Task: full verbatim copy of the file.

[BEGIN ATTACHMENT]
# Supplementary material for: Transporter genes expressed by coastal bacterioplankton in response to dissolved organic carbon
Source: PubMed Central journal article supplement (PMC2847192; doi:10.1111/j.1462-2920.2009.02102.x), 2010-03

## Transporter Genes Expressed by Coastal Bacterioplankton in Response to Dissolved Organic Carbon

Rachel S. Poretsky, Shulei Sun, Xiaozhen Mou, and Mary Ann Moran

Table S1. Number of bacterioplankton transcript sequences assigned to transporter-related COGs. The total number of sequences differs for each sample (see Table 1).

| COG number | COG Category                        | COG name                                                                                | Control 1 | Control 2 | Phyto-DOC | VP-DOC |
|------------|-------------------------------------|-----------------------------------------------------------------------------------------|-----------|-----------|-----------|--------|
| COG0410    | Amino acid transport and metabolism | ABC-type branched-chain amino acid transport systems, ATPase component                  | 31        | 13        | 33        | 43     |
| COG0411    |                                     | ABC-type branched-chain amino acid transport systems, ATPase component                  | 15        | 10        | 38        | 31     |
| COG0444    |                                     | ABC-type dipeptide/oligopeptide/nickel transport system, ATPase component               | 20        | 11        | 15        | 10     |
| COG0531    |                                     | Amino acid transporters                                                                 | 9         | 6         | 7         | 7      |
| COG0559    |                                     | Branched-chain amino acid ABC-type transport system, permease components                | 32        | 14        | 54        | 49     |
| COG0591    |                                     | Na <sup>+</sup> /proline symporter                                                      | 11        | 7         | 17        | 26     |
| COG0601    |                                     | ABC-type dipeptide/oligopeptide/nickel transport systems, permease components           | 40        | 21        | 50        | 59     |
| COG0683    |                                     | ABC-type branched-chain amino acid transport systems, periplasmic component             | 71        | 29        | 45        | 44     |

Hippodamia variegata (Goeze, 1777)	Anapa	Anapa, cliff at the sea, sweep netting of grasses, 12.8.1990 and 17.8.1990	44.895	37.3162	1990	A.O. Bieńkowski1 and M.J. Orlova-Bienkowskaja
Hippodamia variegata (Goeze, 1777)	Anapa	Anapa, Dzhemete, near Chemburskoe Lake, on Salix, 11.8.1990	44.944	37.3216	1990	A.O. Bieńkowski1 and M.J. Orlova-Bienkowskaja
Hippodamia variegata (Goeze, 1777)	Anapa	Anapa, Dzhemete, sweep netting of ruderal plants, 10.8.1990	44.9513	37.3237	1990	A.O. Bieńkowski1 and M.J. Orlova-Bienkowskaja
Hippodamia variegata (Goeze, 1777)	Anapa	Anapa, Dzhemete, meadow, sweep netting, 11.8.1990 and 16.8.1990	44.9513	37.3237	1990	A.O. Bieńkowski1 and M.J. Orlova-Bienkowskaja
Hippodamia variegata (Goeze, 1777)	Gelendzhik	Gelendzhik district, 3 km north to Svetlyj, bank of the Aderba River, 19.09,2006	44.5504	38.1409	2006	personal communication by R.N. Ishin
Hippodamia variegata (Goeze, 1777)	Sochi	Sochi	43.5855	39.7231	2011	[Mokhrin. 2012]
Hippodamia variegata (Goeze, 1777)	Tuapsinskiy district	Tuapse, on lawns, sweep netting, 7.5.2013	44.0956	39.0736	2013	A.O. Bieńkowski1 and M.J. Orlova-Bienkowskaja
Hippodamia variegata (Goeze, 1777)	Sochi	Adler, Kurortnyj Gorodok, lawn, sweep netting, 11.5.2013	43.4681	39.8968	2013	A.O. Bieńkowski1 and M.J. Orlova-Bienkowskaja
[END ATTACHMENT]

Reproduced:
# Supplementary material for: Transporter genes expressed by coastal bacterioplankton in response to dissolved organic carbon
Source: PubMed Central journal article supplement (PMC2847192; doi:10.1111/j.1462-2920.2009.02102.x), 2010-03

## Transporter Genes Expressed by Coastal Bacterioplankton in Response to Dissolved Organic Carbon

Rachel S. Poretsky, Shulei Sun, Xiaozhen Mou, and Mary Ann Moran

Table S1. Number of bacterioplankton transcript sequences assigned to transporter-related COGs. The total number of sequences differs for each sample (see Table 1).

| COG number | COG Category                        | COG name                                                                                | Control 1 | Control 2 | Phyto-DOC | VP-DOC |
|------------|-------------------------------------|-----------------------------------------------------------------------------------------|-----------|-----------|-----------|--------|
| COG0410    | Amino acid transport and metabolism | ABC-type branched-chain amino acid transport systems, ATPase component                  | 31        | 13        | 33        | 43     |
| COG0411    |                                     | ABC-type branched-chain amino acid transport systems, ATPase component                  | 15        | 10        | 38        | 31     |
| COG0444    |                                     | ABC-type dipeptide/oligopeptide/nickel transport system, ATPase component               | 20        | 11        | 15        | 10     |
| COG0531    |                                     | Amino acid transporters                                                                 | 9         | 6         | 7         | 7      |
| COG0559    |                                     | Branched-chain amino acid ABC-type transport system, permease components                | 32        | 14        | 54        | 49     |
| COG0591    |                                     | Na <sup>+</sup> /proline symporter                                                      | 11        | 7         | 17        | 26     |
| COG0601    |                                     | ABC-type dipeptide/oligopeptide/nickel transport systems, permease components           | 40        | 21        | 50        | 59     |
| COG0683    |                                     | ABC-type branched-chain amino acid transport systems, periplasmic component             | 71        | 29        | 45        | 44     |

Hippodamia variegata (Goeze, 1777)	Anapa	Anapa, cliff at the sea, sweep netting of grasses, 12.8.1990 and 17.8.1990	44.895	37.3162	1990	A.O. Bieńkowski1 and M.J. Orlova-Bienkowskaja
Hippodamia variegata (Goeze, 1777)	Anapa	Anapa, Dzhemete, near Chemburskoe Lake, on Salix, 11.8.1990	44.944	37.3216	1990	A.O. Bieńkowski1 and M.J. Orlova-Bienkowskaja
Hippodamia variegata (Goeze, 1777)	Anapa	Anapa, Dzhemete, sweep netting of ruderal plants, 10.8.1990	44.9513	37.3237	1990	A.O. Bieńkowski1 and M.J. Orlova-Bienkowskaja
Hippodamia variegata (Goeze, 1777)	Anapa	Anapa, Dzhemete, meadow, sweep netting, 11.8.1990 and 16.8.1990	44.9513	37.3237	1990	A.O. Bieńkowski1 and M.J. Orlova-Bienkowskaja
Hippodamia variegata (Goeze, 1777)	Gelendzhik	Gelendzhik district, 3 km north to Svetlyj, bank of the Aderba River, 19.09,2006	44.5504	38.1409	2006	personal communication by R.N. Ishin
Hippodamia variegata (Goeze, 1777)	Sochi	Sochi	43.5855	39.7231	2011	[Mokhrin. 2012]
Hippodamia variegata (Goeze, 1777)	Tuapsinskiy district	Tuapse, on lawns, sweep netting, 7.5.2013	44.0956	39.0736	2013	A.O. Bieńkowski1 and M.J. Orlova-Bienkowskaja
Hippodamia variegata (Goeze, 1777)	Sochi	Adler, Kurortnyj Gorodok, lawn, sweep netting, 11.5.2013	43.4681	39.8968	2013	A.O. Bieńkowski1 and M.J. Orlova-Bienkowskaja